By Phil Hall | October 27, 2006

For those who only know Turkish cinema for the no-budget, ultra-zany ripoffs of Hollywood classics, Nuri Bilge Ceylan’s “Climates” will come as an unwelcome surprise. The film is professionally made but a thorough bore at every imaginable level.

Ceylan casts himself as Isa, a professor in a failing relationship with a TV art director named Bahar. She’s played by Ebru Ceylan, the director’s real-life wife, and it’s clear she didn’t get the job because she’s a great talent. Anyway, Isa and Bahar’s relationship has hit a sour point. A vacation turns into an endless fight and they agree to separate. Isa reconnects with his sluttish ex-girlfriend Serap, who engages him in violently passionate sex (there’s plenty of hair-pulling and clothing ripping while they get horizontal). But Isa is still obsessed with Bahar and he follows her to the snowy eastern part of Turkey, where she is working on a TV production.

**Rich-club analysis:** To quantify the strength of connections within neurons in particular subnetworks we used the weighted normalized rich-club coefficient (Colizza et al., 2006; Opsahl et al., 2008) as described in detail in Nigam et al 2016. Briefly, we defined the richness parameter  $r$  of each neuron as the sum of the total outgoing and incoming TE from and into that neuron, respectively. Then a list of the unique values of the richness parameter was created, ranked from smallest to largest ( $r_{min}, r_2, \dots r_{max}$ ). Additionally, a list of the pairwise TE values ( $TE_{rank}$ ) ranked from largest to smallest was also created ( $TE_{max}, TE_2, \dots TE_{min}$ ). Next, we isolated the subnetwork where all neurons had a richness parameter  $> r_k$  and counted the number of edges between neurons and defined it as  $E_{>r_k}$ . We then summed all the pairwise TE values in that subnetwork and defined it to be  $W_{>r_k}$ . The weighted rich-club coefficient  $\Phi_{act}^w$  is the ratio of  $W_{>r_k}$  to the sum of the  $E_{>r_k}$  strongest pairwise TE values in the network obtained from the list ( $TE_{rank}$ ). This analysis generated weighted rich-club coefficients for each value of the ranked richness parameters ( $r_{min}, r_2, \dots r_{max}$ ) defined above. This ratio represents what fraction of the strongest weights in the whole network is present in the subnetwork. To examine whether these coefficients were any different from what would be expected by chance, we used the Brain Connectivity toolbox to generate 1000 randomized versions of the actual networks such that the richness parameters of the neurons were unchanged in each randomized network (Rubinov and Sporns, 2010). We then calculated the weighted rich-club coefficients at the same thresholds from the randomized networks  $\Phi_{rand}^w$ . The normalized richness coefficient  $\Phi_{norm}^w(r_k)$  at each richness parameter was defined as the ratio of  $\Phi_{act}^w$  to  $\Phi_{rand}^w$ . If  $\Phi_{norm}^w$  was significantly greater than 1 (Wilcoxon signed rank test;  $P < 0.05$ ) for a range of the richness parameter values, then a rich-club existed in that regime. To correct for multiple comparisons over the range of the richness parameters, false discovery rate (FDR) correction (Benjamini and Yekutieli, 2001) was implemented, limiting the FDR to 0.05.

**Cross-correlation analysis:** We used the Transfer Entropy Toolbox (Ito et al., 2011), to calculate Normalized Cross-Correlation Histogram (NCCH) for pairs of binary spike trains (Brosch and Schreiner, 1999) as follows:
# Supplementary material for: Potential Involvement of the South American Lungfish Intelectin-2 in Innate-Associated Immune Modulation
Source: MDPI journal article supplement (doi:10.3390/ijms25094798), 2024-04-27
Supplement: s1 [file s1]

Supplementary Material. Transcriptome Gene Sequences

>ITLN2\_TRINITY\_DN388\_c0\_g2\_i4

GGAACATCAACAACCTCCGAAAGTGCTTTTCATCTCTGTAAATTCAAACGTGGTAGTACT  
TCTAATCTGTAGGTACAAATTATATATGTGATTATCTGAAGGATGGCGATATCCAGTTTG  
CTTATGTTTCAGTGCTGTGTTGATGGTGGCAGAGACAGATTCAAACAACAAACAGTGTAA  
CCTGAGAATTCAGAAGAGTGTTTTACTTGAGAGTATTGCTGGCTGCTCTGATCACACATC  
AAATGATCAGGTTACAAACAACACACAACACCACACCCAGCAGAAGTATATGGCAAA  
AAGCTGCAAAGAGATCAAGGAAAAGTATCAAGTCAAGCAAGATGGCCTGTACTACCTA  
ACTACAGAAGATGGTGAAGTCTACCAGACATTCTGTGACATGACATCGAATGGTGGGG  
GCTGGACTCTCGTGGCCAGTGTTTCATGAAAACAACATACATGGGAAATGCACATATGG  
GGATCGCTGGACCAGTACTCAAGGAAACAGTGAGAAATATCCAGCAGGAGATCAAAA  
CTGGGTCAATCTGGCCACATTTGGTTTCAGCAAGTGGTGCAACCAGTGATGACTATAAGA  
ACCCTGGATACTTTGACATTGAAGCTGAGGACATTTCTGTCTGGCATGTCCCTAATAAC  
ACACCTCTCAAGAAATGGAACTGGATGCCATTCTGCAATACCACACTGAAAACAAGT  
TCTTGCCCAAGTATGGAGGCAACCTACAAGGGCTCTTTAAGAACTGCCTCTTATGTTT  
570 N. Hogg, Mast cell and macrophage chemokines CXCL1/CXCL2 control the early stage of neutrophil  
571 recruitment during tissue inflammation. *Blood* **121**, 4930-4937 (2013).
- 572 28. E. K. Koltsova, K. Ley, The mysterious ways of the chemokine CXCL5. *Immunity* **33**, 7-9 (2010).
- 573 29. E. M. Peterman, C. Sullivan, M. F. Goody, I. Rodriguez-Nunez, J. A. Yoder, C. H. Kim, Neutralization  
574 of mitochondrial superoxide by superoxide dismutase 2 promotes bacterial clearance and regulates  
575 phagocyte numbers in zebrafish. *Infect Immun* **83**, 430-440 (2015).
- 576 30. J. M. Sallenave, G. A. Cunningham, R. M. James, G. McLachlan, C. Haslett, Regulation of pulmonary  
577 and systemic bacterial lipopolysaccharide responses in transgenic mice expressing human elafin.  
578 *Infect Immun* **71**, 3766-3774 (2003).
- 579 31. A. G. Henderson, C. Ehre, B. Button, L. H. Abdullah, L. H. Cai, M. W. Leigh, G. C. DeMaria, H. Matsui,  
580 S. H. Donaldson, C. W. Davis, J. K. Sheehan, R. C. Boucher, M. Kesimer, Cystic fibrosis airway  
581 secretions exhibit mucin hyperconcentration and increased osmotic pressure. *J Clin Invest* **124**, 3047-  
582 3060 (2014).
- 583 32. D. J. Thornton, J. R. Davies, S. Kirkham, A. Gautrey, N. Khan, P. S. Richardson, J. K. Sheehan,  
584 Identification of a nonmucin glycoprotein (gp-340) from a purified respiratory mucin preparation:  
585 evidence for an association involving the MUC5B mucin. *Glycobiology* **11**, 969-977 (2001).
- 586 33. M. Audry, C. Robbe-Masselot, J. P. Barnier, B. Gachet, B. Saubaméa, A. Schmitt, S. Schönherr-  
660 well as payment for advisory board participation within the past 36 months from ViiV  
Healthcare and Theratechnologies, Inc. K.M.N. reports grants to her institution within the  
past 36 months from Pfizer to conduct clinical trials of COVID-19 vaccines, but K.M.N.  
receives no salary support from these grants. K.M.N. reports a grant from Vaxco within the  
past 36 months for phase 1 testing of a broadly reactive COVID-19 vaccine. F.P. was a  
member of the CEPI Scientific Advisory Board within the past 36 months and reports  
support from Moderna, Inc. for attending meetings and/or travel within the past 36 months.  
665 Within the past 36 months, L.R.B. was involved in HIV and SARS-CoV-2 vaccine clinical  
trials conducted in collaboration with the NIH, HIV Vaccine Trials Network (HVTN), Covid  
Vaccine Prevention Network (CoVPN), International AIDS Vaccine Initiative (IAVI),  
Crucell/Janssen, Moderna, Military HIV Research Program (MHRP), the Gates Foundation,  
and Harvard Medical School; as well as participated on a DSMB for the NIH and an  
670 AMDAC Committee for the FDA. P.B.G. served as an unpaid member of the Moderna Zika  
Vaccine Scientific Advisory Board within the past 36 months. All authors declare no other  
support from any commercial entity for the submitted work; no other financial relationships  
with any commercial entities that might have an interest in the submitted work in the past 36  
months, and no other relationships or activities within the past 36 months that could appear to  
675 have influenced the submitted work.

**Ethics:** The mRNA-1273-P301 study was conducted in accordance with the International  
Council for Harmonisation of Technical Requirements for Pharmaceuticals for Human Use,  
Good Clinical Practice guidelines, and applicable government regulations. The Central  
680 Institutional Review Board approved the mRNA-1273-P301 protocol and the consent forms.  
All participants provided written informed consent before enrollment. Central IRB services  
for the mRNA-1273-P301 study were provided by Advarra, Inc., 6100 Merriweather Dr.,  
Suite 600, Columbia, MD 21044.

“Climates” boasts some rather sophisticated high definition cinematography that enables the viewer to catch every bead of sweat and follicle of hair on the actors’ bodies. It’s great to look at, but what’s the point of enduring this vision when the film is monotonously conceived? Except for one over-the-top sex scene, Ceylan favors endlessly static shots where little happens except for slightly increasing sneers and scowls on the actors’ faces (there is no acting, just a lot of dull people making faces). This ennui is not helped by a deep sound recording that goes overboard in capturing every aural experience and magnifying tenfold – even the simple sound of people walking on a snowy street is overdone to the point that the footsteps sound like collapsing buildings. This aural-visual disconnect is truly difficult to tolerate.

Apologists may wish to compare this style of filmmaking to Michelangelo Antonioni, but who really wants to endure “The Turkish L’Avventura”?

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